Preserving corporate reputation

Dec 12 2007 by Nic Paton Print This Article

In this age of instant communication, corporate governance is no longer just about ensuring the necessary financial checks and balances are in place. Because reputations which took years to build up can now be destroyed in a flash.

A study by The Conference Board has argued that there is growing recognition at boardroom level of the need for corporate governance to evolve into something much bigger than financial checks and balances.

A company's reputation is increasingly able either to generate or to rapidly destroy shareholder value but research on this area was generally "disjointed", it argued.

It was therefore up to boards to put in place robust programmes and initiatives to protect and manage their reputations, normally as part of an enterprise-wide risk management programme.

A summit held earlier this year by The Conference Board had reached consensus on a set of principles and guidelines to govern reputation risk governance, it added.

"Corporate governance is the system of checks and balances instituted by the board of directors to ensure that an organisation is suited to meet its business objectives, not the interest of insiders," explained Matteo Tonello, senior research associate at The Conference Board Governance Center

"Since corporate reputation is the perception of the firm by a variety of stakeholders, board members should consider having an organisational programme in place to oversee any material event that may affect stakeholder relations so as to ensure that such events do not compromise the company's ability to achieve its long-term goals," he added.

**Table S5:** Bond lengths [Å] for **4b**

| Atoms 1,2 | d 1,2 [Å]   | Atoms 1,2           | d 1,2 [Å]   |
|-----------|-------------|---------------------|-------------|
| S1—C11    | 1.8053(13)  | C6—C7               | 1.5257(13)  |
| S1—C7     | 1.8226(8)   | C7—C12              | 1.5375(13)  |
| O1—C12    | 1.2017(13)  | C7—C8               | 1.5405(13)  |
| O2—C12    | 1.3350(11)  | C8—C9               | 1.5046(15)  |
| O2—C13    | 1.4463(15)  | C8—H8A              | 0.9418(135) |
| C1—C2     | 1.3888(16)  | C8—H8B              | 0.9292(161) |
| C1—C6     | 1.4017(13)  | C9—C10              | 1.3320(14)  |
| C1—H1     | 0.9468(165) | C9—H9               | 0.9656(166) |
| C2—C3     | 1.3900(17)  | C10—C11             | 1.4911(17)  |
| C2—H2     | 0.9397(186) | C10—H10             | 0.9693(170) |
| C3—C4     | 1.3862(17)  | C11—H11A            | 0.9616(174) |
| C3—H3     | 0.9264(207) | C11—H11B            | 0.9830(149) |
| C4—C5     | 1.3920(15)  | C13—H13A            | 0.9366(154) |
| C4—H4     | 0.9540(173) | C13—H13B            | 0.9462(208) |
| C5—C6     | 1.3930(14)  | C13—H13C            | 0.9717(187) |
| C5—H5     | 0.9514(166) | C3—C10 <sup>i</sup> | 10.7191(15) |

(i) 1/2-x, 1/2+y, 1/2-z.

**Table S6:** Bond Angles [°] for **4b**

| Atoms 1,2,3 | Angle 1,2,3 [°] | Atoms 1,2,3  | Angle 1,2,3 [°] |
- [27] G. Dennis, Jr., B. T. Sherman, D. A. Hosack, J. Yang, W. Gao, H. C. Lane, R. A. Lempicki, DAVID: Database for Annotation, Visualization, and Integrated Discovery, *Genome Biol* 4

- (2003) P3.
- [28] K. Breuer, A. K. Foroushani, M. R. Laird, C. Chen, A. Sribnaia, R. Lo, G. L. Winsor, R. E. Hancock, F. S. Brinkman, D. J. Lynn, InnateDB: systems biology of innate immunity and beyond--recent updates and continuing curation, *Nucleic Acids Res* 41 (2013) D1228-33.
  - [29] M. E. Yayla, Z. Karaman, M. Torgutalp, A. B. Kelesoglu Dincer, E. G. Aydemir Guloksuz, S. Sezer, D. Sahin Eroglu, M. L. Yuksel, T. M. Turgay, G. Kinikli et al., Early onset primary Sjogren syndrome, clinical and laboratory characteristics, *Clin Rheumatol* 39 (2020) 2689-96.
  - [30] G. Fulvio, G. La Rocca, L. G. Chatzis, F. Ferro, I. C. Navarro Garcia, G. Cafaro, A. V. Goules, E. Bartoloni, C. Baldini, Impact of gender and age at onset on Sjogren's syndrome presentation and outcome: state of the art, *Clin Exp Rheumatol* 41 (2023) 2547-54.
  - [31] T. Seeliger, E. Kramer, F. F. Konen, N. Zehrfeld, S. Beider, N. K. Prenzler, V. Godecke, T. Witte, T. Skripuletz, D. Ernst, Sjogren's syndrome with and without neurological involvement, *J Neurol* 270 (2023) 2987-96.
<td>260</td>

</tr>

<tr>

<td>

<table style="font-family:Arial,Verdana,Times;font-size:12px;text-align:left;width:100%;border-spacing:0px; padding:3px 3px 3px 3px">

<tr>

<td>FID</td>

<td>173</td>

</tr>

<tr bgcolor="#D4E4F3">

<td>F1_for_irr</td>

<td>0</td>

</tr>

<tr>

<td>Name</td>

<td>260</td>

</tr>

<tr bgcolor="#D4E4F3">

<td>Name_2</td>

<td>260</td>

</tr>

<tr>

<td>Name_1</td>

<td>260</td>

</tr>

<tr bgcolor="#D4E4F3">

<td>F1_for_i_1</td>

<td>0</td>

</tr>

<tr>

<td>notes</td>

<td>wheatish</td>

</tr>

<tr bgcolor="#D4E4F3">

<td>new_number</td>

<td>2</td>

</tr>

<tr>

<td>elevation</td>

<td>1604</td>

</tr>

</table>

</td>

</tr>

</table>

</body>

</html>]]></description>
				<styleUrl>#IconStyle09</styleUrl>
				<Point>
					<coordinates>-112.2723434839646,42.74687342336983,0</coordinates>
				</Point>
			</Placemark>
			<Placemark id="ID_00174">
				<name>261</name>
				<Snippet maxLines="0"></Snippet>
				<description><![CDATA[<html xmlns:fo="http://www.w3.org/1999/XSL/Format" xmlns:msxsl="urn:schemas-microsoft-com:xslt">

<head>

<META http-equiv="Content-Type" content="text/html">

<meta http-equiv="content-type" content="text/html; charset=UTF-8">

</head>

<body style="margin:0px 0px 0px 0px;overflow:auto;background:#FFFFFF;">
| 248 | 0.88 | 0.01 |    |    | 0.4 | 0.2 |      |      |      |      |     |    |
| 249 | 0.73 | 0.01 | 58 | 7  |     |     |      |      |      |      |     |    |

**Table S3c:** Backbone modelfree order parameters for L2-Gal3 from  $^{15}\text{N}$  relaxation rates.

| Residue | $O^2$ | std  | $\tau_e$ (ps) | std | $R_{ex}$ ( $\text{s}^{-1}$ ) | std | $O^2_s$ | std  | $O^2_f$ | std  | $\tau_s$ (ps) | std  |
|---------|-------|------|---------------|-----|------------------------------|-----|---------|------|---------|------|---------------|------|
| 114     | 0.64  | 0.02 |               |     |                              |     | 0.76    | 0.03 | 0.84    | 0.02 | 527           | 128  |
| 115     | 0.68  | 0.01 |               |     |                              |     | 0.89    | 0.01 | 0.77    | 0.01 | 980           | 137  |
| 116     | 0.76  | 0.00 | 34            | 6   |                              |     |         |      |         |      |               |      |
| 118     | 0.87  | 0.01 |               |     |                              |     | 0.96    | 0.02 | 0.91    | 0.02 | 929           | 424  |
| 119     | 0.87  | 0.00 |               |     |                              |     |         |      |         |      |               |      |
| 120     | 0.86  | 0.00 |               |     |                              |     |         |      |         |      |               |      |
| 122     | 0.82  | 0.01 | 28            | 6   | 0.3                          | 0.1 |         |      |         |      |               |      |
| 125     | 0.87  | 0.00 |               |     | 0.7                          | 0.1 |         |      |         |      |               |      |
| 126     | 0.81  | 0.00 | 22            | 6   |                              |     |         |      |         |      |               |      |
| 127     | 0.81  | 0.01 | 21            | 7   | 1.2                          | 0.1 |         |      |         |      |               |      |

Boards of directors needed therefore to reach a common understanding of the concept of corporate reputation and how it can not only be protected but used to improve relations with employers, shareholders and other stakeholders.

Directors needed to be clear that they understood the board's rationale for prioritising stakeholder relations and why this was important for the long-term financial health of the organisation, it argued.

Boards, it stressed, needed to discuss and understand the nature of reputation risk within the context of the wider business, its impact, how it responds to reputational risks and the creation of a cohesive culture of risk awareness.

Within this, directors needed to oversee the design and implementation of a strategic, top-down risk management programme where all business events with potential consequences on the firm's reputation capital were identified, recommended The Conference Board.

It was beholden on directors to oversee the process adopted by senior executives to identify, categorise, and prioritise business uncertainties, particularly with respect to their effects on reputation, it added.

"Directors should be sceptical of any attempt at restoring stakeholder confidence exclusively through savvy communication tactics, and request that response strategies fully address underlying operational risks," the report stressed.

"In a well-designed enterprise-wide risk management programme, communication tactics and better disclosure should be seen as tools to corroborate and complete a business risk response strategy, not to replace it," it added.